Don reached over and turned off the radio. There was a knock at the door. Don said: "Come in." Lynda got up and crossed the room. She poured herself another glass of wine from a bottle on the mantle. The door opened. Boyd Williams came in. He was known around town as the Whistler because he was constantly blowing through his pursed lips. Not making a song, per se, but. leap frogging through a winding catalogue of notes which never ended and never began. Many people found him annoying, but Don put up with Boyd because he was artistic and intelligent and, although he was a spaz and a known hophead, he often mentioned things of interest and Don apreciated that. "Hey, Don," Boyd said. Don did not get up from his chair, but said: "Hello." Boyd did not say hello to Lynda, but watched her crossing the room with her wine and said: "Fuck, Don, your woman's naked." Don said nothing. Boyd said: "Can [ get a beer?" Don shrugged. Boyd went into the kitchen. Don heard the refrigerator door open. Lynda hissed: "I hate that guy." Glass containers; mayonnaise jars, pickle jars, and beer bottles, tinked against one another from beyond the doorframe separating the two rooms. Don said: "I like him" She said: "Well, I'm not puting any clothes on for the fucker," and drained her glass of wine just as Boyd returned, twisting the cap off a bottle of beer. Don said: "Nobody's got a gun to your head." Boyd flopped down in a chair across from Don. His presence reminded Don of a circus. His clothes were ill-fitting, brightly colored, and mismatched. He needed a shave, and his hair rose up from his head like a lion's mane. Boyd reached into his pocket and produced a folded piece of dirty, notebook paper. "I drew a picture," he said. Don nodded. Across the room, Lynda got up to refill her glass. Boyd turned his head to watch her and then turned back to Don. He said: "It could be her, " and indicated the paper at the end of his arm with a nod. Don reached out and took it gently. Boyd sat back, sipped his beer, dosed his eyes, and began to whistle. Don turned the radio back on. A woman's voice said: "I'm having problems with my father. He's an ass, and I don't know how to tell him." Don unfolded the paper and examined Boyd's picture. It was black pen and showed the nude form of a beautiful woman spread against the dark, blue lines of the dirty paper. It was well done and had a dynamic that Don appreciated. He looked at the picture for two, solid, minutes, examining every arc of breast and curve of pelvis, and then he folded the page and looked across the room at Lynda as she returned with a third glass of wine. Boyd continued to whistle. The woman on the radio spoke again. "I mean, I love the guy, but he's recently become some kind of religious fanatic and I just don't believe in that kind of crap." Barry Amerika said: "What kind of crap?" The woman said: "You know, God and ail that." The picture could have been Lynda. Don held his empty bottle above his head and said: "Get me another beer?" Lynda smiled COldly. Boyd stopped whistling and opened his eyes. He looked at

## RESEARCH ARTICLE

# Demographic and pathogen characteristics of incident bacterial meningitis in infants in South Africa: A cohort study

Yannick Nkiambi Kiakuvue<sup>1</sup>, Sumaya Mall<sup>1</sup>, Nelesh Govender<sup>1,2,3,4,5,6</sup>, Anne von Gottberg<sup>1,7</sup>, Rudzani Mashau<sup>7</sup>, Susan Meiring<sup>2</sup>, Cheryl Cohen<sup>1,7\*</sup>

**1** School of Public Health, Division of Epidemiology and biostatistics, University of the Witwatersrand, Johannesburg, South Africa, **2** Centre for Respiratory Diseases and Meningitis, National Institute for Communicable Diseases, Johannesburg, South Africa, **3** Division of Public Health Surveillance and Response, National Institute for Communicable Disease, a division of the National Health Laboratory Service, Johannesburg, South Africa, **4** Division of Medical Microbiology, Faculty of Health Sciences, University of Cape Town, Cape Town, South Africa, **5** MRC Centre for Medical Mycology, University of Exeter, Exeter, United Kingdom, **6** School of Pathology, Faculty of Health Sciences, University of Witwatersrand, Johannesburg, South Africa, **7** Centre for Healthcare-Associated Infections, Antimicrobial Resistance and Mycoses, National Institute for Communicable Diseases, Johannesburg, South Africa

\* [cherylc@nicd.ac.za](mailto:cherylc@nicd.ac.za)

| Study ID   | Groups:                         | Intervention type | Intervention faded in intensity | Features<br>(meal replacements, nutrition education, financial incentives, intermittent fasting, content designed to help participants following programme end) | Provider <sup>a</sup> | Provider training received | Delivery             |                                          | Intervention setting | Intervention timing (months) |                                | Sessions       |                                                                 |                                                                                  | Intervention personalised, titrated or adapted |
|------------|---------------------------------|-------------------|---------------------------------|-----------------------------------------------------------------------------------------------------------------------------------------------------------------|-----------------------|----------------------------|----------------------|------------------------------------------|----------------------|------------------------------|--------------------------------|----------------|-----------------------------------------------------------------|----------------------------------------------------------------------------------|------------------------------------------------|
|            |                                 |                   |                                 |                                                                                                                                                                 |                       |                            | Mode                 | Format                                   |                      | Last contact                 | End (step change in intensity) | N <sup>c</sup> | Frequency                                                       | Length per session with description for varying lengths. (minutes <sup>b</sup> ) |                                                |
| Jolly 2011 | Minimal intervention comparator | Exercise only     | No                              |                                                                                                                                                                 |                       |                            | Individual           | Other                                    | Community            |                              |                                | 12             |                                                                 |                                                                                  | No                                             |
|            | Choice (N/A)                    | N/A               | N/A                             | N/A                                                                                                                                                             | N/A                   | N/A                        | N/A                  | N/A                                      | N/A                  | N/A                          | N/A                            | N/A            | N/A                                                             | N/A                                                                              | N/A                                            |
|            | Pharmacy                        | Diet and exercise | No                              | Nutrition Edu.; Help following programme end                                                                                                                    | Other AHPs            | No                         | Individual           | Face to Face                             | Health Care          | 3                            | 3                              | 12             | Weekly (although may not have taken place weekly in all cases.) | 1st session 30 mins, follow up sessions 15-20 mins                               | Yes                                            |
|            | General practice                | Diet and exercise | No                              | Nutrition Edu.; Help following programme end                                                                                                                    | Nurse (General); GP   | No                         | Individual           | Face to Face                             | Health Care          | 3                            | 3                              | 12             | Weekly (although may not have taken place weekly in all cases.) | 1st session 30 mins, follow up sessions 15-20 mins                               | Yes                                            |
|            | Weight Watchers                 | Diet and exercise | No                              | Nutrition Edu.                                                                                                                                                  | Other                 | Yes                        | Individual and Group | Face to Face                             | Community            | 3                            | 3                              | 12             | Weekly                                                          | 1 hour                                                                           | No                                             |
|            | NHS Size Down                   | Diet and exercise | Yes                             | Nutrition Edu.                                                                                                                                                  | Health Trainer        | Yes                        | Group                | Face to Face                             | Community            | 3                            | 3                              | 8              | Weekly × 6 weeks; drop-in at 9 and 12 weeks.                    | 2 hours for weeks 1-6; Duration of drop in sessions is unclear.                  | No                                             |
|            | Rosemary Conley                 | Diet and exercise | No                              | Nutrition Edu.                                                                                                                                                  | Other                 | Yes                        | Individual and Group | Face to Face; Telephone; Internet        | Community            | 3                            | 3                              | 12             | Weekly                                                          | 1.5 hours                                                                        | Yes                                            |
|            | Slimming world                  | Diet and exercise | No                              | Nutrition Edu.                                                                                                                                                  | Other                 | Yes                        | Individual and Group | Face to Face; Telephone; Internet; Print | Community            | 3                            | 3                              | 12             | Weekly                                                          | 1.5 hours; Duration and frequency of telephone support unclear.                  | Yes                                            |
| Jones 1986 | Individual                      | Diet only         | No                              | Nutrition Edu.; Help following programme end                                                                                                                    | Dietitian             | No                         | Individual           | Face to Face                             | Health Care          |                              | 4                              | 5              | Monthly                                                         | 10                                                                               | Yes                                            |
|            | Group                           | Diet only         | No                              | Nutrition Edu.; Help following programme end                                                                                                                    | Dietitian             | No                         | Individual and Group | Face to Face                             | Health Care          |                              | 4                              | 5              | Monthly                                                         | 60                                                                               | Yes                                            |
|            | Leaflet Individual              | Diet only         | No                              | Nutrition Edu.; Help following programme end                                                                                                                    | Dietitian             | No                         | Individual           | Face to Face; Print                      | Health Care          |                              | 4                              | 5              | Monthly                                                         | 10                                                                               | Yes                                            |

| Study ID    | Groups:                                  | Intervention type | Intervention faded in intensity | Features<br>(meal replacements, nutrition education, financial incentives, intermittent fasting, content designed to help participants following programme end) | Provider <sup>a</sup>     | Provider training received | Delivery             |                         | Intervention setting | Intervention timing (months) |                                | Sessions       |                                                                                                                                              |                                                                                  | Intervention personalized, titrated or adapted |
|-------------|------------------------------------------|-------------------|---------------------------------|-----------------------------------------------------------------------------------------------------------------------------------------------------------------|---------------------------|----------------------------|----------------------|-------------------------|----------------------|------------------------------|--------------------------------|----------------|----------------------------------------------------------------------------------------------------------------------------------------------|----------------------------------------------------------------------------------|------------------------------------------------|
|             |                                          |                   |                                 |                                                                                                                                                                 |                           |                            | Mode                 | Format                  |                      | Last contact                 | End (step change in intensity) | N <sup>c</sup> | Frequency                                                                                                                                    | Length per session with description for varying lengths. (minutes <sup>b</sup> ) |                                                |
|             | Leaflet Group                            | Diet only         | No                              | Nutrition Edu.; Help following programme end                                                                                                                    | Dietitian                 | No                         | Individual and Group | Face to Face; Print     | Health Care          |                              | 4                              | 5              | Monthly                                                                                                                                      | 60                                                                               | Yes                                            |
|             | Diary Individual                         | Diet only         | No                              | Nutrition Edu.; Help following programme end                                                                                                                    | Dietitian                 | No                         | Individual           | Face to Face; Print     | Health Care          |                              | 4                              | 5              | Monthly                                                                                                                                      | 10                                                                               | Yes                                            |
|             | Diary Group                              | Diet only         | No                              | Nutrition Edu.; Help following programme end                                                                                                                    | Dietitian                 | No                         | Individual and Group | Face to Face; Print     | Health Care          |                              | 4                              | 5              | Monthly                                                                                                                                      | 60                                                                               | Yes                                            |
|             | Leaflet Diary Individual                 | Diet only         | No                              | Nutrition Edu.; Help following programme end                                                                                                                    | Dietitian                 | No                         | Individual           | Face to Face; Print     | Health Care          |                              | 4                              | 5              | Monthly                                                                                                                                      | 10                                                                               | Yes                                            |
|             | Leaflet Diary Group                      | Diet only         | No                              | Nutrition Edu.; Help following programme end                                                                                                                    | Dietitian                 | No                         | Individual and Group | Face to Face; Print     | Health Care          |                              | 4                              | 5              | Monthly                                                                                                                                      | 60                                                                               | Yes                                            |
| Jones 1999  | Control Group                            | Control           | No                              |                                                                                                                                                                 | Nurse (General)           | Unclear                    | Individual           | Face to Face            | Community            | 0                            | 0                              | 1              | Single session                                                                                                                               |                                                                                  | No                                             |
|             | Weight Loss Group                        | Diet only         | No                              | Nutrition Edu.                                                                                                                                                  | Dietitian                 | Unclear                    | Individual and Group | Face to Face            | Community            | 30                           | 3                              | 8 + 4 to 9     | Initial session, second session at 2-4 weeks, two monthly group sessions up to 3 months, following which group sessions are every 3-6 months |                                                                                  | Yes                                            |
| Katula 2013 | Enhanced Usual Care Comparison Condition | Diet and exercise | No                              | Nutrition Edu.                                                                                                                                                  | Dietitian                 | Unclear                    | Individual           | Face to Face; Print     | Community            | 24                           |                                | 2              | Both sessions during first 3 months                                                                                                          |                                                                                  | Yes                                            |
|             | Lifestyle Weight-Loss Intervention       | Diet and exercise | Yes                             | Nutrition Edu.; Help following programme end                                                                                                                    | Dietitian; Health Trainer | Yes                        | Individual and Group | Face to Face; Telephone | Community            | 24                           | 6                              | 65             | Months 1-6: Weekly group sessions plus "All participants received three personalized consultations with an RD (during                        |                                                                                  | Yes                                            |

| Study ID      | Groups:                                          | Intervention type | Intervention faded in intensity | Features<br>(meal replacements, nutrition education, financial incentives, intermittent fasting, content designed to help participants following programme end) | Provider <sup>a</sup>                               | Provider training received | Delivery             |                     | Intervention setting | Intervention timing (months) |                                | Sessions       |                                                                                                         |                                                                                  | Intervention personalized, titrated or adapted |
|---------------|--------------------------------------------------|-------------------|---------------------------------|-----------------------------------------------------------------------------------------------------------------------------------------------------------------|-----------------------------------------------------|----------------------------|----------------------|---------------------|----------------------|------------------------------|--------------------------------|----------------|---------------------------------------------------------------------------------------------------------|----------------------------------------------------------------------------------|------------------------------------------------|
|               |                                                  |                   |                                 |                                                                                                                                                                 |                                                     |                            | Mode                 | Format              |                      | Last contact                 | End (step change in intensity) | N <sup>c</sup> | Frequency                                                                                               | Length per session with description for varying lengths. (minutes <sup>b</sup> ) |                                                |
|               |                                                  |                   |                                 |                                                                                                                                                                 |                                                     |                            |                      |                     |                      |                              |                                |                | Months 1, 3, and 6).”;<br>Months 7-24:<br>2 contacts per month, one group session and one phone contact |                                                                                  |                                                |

Lynda. Lynda looked at Don, then at Boyd. She stood up and walked into the kitchen. Boyd leaned forward and looked at his picture folded in Dan's lap. "So, whatdya think? Pretty good, huh?" Don nodded His eyes were on Boyd's hairline. In the kitchen, the refrigerator opened. Boyd took a sip ofhis beer. Barry Amerika said: "We'll be right back." Boyd said: "What'U you give me for it?" The mayonnaise jar tinked against the pickle jar which tinked against the beer bottles. Don said "What?" Boyd shot a nervous glance at the doorway to the kitchen, and then shot one back at Don. "Look man, I know your old lady doesn't like me, but I need your help. Give me a couple of bucks? You can keep the picture. Like a deal, see?" Lynda appeared. She crossed the room and 'handed Don a beer. "Enjoy," she said. Boyd watched her legs as she moved back to the couch. Don watched Boyd. He said: "Okay." Boyd turned back to him, said: "Huh?" Don said: "Two bucks." Lynda looked up from her wine and said: "What are you two plotting?" Don reached into his pocket and produced two wrinkled and sweaty one dollar bills. He handed them to Boyd. He looked at Lynda and said: "Just negotiating the sale of some fine art." A commercial for a local club came on the radio. "This Friday night at the Kit Kat Klub, three bands: Ares Mayhem, The Process, and Object. Doors open at eight with music from ten 'til two. Admission is six dollars at the door. This is a twenty-one plus show." The ad decended into sonic feedback and screetching vocals then faded out. Dead of Night was back Barry welcomed Kim. Kim said: "My son has fallen in with a group of graphito kids in aUf neighborhood. You know, the ones that do the weird words and the pictures with the spraypaint all over the city?" Barry said: "Yes, I am aware of graphitti." Boyd finished his beer. He put the two dollars in his pocket. He said: "I gotta use your bathroom," got up, and left the room. Kim said: "Well, you know those graphite kids. They stay up all night doing the inhalants and the ecstacy. I've heard that stuff turns your brains into cotton candy. And those pictures of theirs? Worse than littering I say." Lynda said; "So where's this fine art that scumbag sold you?" Don plucked the picture from his lap and tossed it across the room to her. She leaned forward and caught it in the air. She had to put her drink down on the carpet a unfold the paper but she quickly picked it back lip and took a sip as she examined the picture. After a minute, she took another sip. She said: "This could be me." Don nodded. He took a drink of his beer. He said: "You been visiting with that scumbag when I'm not around?" Lyndajust looked at him. The look was cold and confusing like a weird dream where you can't remember how to tie your shoes or dress yourself Don couldn't read it.